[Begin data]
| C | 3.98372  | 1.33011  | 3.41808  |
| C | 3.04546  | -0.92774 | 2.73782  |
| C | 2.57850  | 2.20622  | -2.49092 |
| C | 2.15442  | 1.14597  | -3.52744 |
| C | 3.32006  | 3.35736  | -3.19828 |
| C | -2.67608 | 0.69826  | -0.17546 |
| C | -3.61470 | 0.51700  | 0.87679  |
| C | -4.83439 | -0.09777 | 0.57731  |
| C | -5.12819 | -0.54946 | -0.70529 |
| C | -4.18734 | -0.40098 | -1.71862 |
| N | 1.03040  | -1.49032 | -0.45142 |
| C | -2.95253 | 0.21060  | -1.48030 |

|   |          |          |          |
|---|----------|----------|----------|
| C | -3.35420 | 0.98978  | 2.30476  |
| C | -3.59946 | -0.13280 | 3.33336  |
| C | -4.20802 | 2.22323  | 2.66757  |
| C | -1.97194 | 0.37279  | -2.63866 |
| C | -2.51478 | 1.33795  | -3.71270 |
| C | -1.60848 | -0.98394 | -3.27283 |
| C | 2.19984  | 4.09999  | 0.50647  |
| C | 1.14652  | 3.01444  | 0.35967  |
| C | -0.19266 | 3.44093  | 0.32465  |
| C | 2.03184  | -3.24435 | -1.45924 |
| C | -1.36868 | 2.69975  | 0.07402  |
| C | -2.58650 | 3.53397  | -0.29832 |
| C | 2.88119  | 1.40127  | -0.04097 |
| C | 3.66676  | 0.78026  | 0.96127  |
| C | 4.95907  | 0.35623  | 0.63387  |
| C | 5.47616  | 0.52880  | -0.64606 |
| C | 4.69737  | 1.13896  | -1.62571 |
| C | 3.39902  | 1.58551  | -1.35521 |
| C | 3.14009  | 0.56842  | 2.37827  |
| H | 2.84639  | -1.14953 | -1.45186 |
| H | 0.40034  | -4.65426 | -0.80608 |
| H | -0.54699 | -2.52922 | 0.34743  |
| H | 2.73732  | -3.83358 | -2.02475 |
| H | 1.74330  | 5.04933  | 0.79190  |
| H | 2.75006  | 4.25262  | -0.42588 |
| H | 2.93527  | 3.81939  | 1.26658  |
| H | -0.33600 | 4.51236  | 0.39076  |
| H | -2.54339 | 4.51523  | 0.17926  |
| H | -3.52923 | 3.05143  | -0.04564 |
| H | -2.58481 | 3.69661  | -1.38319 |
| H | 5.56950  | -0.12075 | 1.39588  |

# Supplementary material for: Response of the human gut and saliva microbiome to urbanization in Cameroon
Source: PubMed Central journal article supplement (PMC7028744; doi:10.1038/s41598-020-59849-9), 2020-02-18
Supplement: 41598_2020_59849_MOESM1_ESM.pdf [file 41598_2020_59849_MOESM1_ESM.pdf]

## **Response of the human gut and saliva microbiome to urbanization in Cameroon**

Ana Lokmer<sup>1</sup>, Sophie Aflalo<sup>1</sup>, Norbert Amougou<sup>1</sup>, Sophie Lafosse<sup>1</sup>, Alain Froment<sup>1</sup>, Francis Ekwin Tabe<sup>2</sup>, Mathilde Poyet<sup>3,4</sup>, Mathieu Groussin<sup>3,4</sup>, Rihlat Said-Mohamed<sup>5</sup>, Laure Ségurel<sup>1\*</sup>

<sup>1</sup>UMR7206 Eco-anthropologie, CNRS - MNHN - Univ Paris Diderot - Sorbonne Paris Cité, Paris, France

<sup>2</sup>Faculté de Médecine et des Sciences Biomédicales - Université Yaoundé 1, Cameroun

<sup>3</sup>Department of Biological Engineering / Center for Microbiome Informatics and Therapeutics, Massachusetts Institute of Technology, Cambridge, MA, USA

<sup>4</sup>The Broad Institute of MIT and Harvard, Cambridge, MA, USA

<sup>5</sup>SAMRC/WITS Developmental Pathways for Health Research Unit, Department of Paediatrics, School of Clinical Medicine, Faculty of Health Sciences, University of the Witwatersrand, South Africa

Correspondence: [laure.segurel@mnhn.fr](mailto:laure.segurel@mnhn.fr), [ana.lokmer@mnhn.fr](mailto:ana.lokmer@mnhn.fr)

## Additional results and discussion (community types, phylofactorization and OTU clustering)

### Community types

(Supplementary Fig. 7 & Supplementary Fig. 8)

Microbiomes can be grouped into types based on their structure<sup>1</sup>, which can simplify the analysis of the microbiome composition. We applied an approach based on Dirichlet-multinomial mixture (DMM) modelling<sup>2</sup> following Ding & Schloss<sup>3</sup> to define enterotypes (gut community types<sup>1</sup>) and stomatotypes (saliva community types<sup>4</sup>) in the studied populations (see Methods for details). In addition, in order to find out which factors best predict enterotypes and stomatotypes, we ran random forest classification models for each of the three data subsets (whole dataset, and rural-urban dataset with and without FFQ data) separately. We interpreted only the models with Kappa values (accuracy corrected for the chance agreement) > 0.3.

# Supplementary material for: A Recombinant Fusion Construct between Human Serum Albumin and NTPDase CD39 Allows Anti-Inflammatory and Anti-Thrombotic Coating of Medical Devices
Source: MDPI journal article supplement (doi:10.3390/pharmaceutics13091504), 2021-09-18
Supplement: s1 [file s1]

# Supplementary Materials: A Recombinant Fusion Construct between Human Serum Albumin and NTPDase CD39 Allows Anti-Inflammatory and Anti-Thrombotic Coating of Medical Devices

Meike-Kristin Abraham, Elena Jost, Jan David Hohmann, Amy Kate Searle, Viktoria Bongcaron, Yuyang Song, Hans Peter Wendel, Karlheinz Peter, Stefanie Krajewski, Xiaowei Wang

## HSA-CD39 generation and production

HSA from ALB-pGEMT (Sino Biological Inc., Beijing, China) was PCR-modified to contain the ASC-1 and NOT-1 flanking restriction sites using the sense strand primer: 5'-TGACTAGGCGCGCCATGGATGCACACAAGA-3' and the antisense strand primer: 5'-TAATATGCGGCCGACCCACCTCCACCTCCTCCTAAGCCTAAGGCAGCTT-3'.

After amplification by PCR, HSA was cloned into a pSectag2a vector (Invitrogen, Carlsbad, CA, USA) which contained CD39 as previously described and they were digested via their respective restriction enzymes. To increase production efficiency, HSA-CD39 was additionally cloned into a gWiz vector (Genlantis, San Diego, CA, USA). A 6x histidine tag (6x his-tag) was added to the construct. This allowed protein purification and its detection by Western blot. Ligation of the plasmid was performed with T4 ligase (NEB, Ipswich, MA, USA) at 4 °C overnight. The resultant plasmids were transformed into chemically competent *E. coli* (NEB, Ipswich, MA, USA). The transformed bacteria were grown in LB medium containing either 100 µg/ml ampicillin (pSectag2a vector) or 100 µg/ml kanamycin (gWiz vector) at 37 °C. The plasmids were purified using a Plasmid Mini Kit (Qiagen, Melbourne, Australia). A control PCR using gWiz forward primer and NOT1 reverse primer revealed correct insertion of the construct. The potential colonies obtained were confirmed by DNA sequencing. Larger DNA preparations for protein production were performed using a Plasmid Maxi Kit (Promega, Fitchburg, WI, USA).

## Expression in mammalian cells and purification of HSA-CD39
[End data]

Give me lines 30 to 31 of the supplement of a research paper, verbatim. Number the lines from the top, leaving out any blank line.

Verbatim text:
| C | 5.47616  | 0.52880  | -0.64606 |
| C | 4.69737  | 1.13896  | -1.62571 |